We will soon be looking at fields though we won't go too deeply into the topic. The study of fields can easily take up a full-year course. For the purpose of this course, we only need to know some terminology associated with fields and a few examples of fields.

Before we look at the properties of a field, it helps to ignore
subtraction and division. In other words, we restrict our attention
to addition and multiplication. To make up for the loss, we use
the notions of **additive inverse** and **multiplicative inverse**.
Knowing these notions is crucial to understanding how we can have
fields that involve objects that are not numbers.

Loosely speaking, an additive inverse of a field element \(a\) is an element \(b\) such that \(a + b = b + a = 0\). It turns out that only one additive inverse exists for each element. For example, over the rational numbers, the additive inverse of \(\frac{2}{5}\) is \(-\frac{2}{5}\) and the additive inverse of \(-5\) is \(5\).

For a field element \(a\) not equal to 0, a multiplicative inverse of \(a\) is an element \(b\) such that \(a \cdot b = b \cdot a = 1\). It turns out that only one multiplicative inverse exists for each element. For example, over the rational numbers, the multplicative inverse of \(\frac{2}{5}\) is \(\frac{5}{2}\) and the multiplicative inverse of \(-1\) is \(-1\).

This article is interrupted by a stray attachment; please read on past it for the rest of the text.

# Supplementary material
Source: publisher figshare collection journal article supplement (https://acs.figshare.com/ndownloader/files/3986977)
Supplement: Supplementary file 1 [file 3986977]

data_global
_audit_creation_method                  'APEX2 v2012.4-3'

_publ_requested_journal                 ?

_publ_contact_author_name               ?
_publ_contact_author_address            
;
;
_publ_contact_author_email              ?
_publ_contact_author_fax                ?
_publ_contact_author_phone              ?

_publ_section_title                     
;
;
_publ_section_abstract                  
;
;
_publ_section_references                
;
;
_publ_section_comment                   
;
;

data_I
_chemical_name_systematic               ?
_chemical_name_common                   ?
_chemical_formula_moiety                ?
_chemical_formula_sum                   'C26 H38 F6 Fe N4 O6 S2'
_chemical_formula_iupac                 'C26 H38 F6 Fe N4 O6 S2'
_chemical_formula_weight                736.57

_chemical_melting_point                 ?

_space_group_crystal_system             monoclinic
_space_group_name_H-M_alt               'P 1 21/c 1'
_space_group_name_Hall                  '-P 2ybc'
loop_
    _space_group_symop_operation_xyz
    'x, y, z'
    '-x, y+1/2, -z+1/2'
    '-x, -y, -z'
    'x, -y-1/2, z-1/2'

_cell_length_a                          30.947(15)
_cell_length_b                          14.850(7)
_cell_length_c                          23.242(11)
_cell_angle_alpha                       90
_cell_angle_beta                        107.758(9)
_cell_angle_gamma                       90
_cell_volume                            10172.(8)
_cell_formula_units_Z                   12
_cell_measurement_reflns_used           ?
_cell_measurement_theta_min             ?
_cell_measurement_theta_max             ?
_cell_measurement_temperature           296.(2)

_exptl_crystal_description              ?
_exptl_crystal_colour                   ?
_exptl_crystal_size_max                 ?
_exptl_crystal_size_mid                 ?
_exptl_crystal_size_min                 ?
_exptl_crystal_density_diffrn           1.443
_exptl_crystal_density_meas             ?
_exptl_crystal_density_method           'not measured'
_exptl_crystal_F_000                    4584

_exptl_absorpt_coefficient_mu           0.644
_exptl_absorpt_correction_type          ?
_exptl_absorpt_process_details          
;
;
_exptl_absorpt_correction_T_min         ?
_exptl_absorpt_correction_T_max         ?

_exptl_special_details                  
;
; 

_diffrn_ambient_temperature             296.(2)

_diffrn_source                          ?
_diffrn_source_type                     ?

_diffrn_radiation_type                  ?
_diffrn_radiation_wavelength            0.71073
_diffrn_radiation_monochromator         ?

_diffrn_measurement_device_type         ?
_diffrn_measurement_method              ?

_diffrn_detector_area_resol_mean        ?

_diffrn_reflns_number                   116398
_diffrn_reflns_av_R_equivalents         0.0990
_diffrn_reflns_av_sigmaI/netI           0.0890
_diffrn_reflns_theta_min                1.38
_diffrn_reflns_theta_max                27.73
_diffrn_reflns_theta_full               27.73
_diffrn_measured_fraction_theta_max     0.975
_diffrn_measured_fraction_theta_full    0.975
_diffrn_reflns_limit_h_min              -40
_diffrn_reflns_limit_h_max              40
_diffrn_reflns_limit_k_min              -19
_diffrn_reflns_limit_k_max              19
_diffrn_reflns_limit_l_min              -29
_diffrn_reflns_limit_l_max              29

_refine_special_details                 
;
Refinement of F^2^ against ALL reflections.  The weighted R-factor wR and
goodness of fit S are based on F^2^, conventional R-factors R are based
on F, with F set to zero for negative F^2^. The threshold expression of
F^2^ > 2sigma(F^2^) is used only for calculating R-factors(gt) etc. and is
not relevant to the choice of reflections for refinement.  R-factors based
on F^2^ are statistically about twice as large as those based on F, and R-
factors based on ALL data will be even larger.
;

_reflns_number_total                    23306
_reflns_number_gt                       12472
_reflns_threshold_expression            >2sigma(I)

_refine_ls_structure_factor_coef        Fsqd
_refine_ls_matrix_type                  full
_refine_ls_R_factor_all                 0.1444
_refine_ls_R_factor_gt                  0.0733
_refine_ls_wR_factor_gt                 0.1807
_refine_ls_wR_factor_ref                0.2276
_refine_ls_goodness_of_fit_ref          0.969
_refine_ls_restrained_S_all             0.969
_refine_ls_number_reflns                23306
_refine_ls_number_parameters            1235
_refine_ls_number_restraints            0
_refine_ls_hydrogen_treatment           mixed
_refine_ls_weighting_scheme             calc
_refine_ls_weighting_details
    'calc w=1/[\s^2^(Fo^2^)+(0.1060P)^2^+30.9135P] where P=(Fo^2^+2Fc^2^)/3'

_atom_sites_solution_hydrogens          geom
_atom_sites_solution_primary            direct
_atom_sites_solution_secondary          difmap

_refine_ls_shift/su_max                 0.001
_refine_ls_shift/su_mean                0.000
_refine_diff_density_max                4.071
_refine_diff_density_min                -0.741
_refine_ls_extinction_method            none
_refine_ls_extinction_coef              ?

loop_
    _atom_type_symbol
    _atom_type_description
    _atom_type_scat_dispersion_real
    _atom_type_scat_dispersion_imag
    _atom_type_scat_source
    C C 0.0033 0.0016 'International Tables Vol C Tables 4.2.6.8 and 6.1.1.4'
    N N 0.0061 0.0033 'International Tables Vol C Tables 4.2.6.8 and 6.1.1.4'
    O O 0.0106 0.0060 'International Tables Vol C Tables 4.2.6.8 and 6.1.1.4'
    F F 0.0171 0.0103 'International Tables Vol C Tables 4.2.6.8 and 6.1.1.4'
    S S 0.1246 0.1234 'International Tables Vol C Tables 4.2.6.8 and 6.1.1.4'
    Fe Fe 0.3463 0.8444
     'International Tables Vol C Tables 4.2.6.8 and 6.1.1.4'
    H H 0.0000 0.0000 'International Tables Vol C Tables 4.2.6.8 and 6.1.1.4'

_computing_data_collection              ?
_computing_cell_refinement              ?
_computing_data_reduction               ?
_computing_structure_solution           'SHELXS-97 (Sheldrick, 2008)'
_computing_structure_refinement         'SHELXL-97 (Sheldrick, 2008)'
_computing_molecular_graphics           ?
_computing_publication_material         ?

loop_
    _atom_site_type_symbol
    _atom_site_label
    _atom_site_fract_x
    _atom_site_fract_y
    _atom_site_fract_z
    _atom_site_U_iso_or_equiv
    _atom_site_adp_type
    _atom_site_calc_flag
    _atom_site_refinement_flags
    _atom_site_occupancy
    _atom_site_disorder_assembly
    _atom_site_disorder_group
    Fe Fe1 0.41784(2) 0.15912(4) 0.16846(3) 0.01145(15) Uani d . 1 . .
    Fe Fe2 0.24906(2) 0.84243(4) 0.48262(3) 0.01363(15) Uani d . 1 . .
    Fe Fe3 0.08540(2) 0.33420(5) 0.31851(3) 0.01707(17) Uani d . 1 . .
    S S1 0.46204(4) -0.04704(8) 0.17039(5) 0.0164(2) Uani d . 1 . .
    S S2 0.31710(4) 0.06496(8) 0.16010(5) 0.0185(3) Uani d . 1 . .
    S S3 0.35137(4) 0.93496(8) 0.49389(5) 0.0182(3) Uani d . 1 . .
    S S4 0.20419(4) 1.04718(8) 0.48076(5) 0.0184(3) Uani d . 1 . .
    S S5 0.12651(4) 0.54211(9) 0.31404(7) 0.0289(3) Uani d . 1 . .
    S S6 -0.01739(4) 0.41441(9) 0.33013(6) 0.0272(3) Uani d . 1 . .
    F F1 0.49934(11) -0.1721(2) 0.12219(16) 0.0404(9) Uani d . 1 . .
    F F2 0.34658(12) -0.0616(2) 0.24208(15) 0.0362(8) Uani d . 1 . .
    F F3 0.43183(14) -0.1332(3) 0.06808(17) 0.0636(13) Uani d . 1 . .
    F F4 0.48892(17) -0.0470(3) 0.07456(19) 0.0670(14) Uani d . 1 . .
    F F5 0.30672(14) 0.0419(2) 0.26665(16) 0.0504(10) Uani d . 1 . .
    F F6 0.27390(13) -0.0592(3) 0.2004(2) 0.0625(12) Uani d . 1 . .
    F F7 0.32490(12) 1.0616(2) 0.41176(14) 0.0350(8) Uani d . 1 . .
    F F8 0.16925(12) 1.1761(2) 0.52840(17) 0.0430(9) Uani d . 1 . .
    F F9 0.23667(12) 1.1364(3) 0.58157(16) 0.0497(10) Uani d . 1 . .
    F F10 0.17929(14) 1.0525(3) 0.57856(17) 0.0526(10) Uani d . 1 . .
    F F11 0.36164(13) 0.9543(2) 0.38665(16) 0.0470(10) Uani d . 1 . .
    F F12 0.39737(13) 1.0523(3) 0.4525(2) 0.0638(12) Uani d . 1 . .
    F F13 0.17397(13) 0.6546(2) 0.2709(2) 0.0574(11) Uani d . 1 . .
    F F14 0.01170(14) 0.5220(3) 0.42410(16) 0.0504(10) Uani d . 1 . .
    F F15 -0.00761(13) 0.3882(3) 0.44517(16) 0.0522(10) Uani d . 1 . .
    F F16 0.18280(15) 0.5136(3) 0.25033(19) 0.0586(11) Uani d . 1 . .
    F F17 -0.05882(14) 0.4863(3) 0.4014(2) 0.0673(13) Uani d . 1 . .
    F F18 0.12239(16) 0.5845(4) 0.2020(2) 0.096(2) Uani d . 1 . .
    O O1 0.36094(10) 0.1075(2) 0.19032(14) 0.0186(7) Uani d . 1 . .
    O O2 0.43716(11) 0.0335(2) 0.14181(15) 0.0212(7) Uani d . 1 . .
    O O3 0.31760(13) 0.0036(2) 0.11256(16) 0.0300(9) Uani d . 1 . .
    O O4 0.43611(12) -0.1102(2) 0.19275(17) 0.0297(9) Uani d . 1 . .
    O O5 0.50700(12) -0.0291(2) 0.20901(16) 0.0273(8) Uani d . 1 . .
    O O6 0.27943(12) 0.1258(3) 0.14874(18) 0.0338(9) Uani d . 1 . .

Perhaps you now see why there is no need for subtraction or division. We can rewrite \(a - b\) as \(a\) plus the additive inverse of \(b\), normally denoted by \(-b\), and we can rewrite \(a/b\) as \(a\) times the multiplicative inverse of \(b\), normally denoted by \(b^{-1}\).

In modelling Lights Out, we use only 0 and 1 with altered arithmetic rules: Multiplication of numbers is as usual but addition is almost the usual addition with the exception that \(1 + 1 = 0.\) We refer to the set \(\{0,1\}\) with the altered arithmetic rule as \(GF(2).\) Note that over \(GF(2)\), the additive inverse of 1 is 1 because \(1+1 = 0\) and the multiplicative inverse of 1 is 1.

We show that the multiplicative inverse of \(3-\sqrt{7}\) can be written in the form \(a + b\sqrt{7}\) where \(a,b \in \mathbb{Q}\).

The requirement that the multiplicative inverse be written in the form \(a + b\sqrt{7}\) where \(a,b \in \mathbb{Q}\) makes our task more challenging. The reason is that as \(3-\sqrt{7}\) is a real number, its multiplicative inverse is simply \(\frac{1}{3-\sqrt{7}}\). However, \(\frac{1}{3-\sqrt{7}}\) is not in the required form.

Fortunately, we can employ the technique of rationalizing the denominator as follows: \begin{eqnarray*} \frac{1}{3-\sqrt{7}} & = & \frac{1}{3-\sqrt{7}} \cdot \frac{3+\sqrt{7}}{3+\sqrt{7}} \\ & = & \frac{3+\sqrt{7}}{3^2-\sqrt{7}^2} \\ & = & \frac{3+\sqrt{7}}{9-7} \\ & = & \frac{3+\sqrt{7}}{2} \\ & = & \frac{3}{2} +\frac{1}{2}\sqrt{7} \end{eqnarray*} Note that \(\frac{3}{2} +\frac{1}{2}\sqrt{7}\) is in the desired form.

**Remark. **
Using the same technique, one can in fact show more generally that for all
\(x,y \in \mathbb{Q}\) and primes \(p\),
if \(x + y\sqrt{p} \neq 0\), then
its multiplicative inverse can be written as
\(a + b \sqrt{p}\) for some \(a,b \in \mathbb{Q}\).

For each of the following, give its additive inverse and multiplicative inverse.

\(\frac{3}{2}\)

\(-5\)

\(-\sqrt{2}\)

Give the multiplicative inverse of \(-2+\sqrt{5}\) in the form \(a + b\sqrt{5}\) where \(a,b \in \mathbb{Q}\).